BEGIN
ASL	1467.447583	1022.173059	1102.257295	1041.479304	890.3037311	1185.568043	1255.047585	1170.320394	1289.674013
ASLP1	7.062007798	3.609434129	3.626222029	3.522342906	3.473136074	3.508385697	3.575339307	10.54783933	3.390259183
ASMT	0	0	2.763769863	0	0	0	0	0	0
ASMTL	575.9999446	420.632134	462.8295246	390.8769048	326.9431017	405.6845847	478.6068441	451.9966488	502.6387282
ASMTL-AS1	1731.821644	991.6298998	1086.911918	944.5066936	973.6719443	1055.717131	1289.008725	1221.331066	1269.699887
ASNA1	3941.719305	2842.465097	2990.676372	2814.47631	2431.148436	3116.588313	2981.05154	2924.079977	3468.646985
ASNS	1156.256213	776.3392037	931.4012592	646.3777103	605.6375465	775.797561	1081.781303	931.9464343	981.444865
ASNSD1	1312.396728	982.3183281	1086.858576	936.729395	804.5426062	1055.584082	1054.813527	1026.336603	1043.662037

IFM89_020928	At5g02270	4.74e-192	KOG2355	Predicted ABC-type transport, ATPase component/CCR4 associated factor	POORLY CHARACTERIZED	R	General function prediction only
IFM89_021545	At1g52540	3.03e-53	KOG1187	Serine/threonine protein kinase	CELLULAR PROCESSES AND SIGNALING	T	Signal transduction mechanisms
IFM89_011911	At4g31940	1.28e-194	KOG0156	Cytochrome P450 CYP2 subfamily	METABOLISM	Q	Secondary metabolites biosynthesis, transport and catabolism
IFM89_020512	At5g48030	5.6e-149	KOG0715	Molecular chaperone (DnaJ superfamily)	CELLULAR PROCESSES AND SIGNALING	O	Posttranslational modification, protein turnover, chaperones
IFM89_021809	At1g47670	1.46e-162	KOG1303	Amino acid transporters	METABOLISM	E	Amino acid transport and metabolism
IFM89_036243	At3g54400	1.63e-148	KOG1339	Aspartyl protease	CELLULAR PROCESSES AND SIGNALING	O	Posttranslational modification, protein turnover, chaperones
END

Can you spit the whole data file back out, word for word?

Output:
ASL	1467.447583	1022.173059	1102.257295	1041.479304	890.3037311	1185.568043	1255.047585	1170.320394	1289.674013
ASLP1	7.062007798	3.609434129	3.626222029	3.522342906	3.473136074	3.508385697	3.575339307	10.54783933	3.390259183
ASMT	0	0	2.763769863	0	0	0	0	0	0
ASMTL	575.9999446	420.632134	462.8295246	390.8769048	326.9431017	405.6845847	478.6068441	451.9966488	502.6387282
ASMTL-AS1	1731.821644	991.6298998	1086.911918	944.5066936	973.6719443	1055.717131	1289.008725	1221.331066	1269.699887
ASNA1	3941.719305	2842.465097	2990.676372	2814.47631	2431.148436	3116.588313	2981.05154	2924.079977	3468.646985
ASNS	1156.256213	776.3392037	931.4012592	646.3777103	605.6375465	775.797561	1081.781303	931.9464343	981.444865
ASNSD1	1312.396728	982.3183281	1086.858576	936.729395	804.5426062	1055.584082	1054.813527	1026.336603	1043.662037

IFM89_020928	At5g02270	4.74e-192	KOG2355	Predicted ABC-type transport, ATPase component/CCR4 associated factor	POORLY CHARACTERIZED	R	General function prediction only
IFM89_021545	At1g52540	3.03e-53	KOG1187	Serine/threonine protein kinase	CELLULAR PROCESSES AND SIGNALING	T	Signal transduction mechanisms
IFM89_011911	At4g31940	1.28e-194	KOG0156	Cytochrome P450 CYP2 subfamily	METABOLISM	Q	Secondary metabolites biosynthesis, transport and catabolism
IFM89_020512	At5g48030	5.6e-149	KOG0715	Molecular chaperone (DnaJ superfamily)	CELLULAR PROCESSES AND SIGNALING	O	Posttranslational modification, protein turnover, chaperones
IFM89_021809	At1g47670	1.46e-162	KOG1303	Amino acid transporters	METABOLISM	E	Amino acid transport and metabolism
IFM89_036243	At3g54400	1.63e-148	KOG1339	Aspartyl protease	CELLULAR PROCESSES AND SIGNALING	O	Posttranslational modification, protein turnover, chaperones